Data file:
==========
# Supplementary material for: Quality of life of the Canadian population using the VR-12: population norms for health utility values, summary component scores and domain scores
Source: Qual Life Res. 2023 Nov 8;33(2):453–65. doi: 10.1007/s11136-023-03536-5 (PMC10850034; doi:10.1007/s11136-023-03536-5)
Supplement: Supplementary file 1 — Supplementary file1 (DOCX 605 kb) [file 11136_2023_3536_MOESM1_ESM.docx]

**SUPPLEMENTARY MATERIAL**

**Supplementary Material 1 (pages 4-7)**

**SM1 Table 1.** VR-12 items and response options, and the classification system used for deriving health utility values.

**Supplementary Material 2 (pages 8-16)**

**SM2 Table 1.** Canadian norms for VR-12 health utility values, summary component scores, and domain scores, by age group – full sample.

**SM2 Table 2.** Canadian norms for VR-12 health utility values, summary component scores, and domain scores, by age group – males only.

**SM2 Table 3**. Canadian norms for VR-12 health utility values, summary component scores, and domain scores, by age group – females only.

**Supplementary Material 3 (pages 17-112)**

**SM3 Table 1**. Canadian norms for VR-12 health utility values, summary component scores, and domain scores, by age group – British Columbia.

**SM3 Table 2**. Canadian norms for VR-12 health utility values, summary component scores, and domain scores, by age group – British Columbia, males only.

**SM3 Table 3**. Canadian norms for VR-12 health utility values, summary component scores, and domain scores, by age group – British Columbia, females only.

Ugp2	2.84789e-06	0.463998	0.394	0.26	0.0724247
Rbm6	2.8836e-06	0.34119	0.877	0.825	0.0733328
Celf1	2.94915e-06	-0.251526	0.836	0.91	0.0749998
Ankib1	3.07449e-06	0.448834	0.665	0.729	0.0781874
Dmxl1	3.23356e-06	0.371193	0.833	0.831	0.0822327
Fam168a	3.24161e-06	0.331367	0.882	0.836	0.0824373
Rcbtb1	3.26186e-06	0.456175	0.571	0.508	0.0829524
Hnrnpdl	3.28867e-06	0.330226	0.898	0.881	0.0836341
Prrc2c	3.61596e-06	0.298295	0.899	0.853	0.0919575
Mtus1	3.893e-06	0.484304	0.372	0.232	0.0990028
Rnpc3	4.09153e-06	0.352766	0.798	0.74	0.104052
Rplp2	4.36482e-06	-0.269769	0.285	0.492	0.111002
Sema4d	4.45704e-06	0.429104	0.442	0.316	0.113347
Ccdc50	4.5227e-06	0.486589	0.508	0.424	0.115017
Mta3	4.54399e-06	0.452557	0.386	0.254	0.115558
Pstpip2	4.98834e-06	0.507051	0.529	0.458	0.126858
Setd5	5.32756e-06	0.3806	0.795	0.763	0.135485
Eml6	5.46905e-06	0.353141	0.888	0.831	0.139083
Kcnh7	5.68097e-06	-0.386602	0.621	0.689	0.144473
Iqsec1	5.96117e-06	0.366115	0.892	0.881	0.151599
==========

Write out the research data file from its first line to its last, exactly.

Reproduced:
# Supplementary material for: Quality of life of the Canadian population using the VR-12: population norms for health utility values, summary component scores and domain scores
Source: Qual Life Res. 2023 Nov 8;33(2):453–65. doi: 10.1007/s11136-023-03536-5 (PMC10850034; doi:10.1007/s11136-023-03536-5)
Supplement: Supplementary file 1 — Supplementary file1 (DOCX 605 kb) [file 11136_2023_3536_MOESM1_ESM.docx]

**SUPPLEMENTARY MATERIAL**

**Supplementary Material 1 (pages 4-7)**

**SM1 Table 1.** VR-12 items and response options, and the classification system used for deriving health utility values.

**Supplementary Material 2 (pages 8-16)**

**SM2 Table 1.** Canadian norms for VR-12 health utility values, summary component scores, and domain scores, by age group – full sample.

**SM2 Table 2.** Canadian norms for VR-12 health utility values, summary component scores, and domain scores, by age group – males only.

**SM2 Table 3**. Canadian norms for VR-12 health utility values, summary component scores, and domain scores, by age group – females only.

**Supplementary Material 3 (pages 17-112)**

**SM3 Table 1**. Canadian norms for VR-12 health utility values, summary component scores, and domain scores, by age group – British Columbia.

**SM3 Table 2**. Canadian norms for VR-12 health utility values, summary component scores, and domain scores, by age group – British Columbia, males only.

**SM3 Table 3**. Canadian norms for VR-12 health utility values, summary component scores, and domain scores, by age group – British Columbia, females only.

Ugp2	2.84789e-06	0.463998	0.394	0.26	0.0724247
Rbm6	2.8836e-06	0.34119	0.877	0.825	0.0733328
Celf1	2.94915e-06	-0.251526	0.836	0.91	0.0749998
Ankib1	3.07449e-06	0.448834	0.665	0.729	0.0781874
Dmxl1	3.23356e-06	0.371193	0.833	0.831	0.0822327
Fam168a	3.24161e-06	0.331367	0.882	0.836	0.0824373
Rcbtb1	3.26186e-06	0.456175	0.571	0.508	0.0829524
Hnrnpdl	3.28867e-06	0.330226	0.898	0.881	0.0836341
Prrc2c	3.61596e-06	0.298295	0.899	0.853	0.0919575
Mtus1	3.893e-06	0.484304	0.372	0.232	0.0990028
Rnpc3	4.09153e-06	0.352766	0.798	0.74	0.104052
Rplp2	4.36482e-06	-0.269769	0.285	0.492	0.111002
Sema4d	4.45704e-06	0.429104	0.442	0.316	0.113347
Ccdc50	4.5227e-06	0.486589	0.508	0.424	0.115017
Mta3	4.54399e-06	0.452557	0.386	0.254	0.115558
Pstpip2	4.98834e-06	0.507051	0.529	0.458	0.126858
Setd5	5.32756e-06	0.3806	0.795	0.763	0.135485
Eml6	5.46905e-06	0.353141	0.888	0.831	0.139083
Kcnh7	5.68097e-06	-0.386602	0.621	0.689	0.144473
Iqsec1	5.96117e-06	0.366115	0.892	0.881	0.151599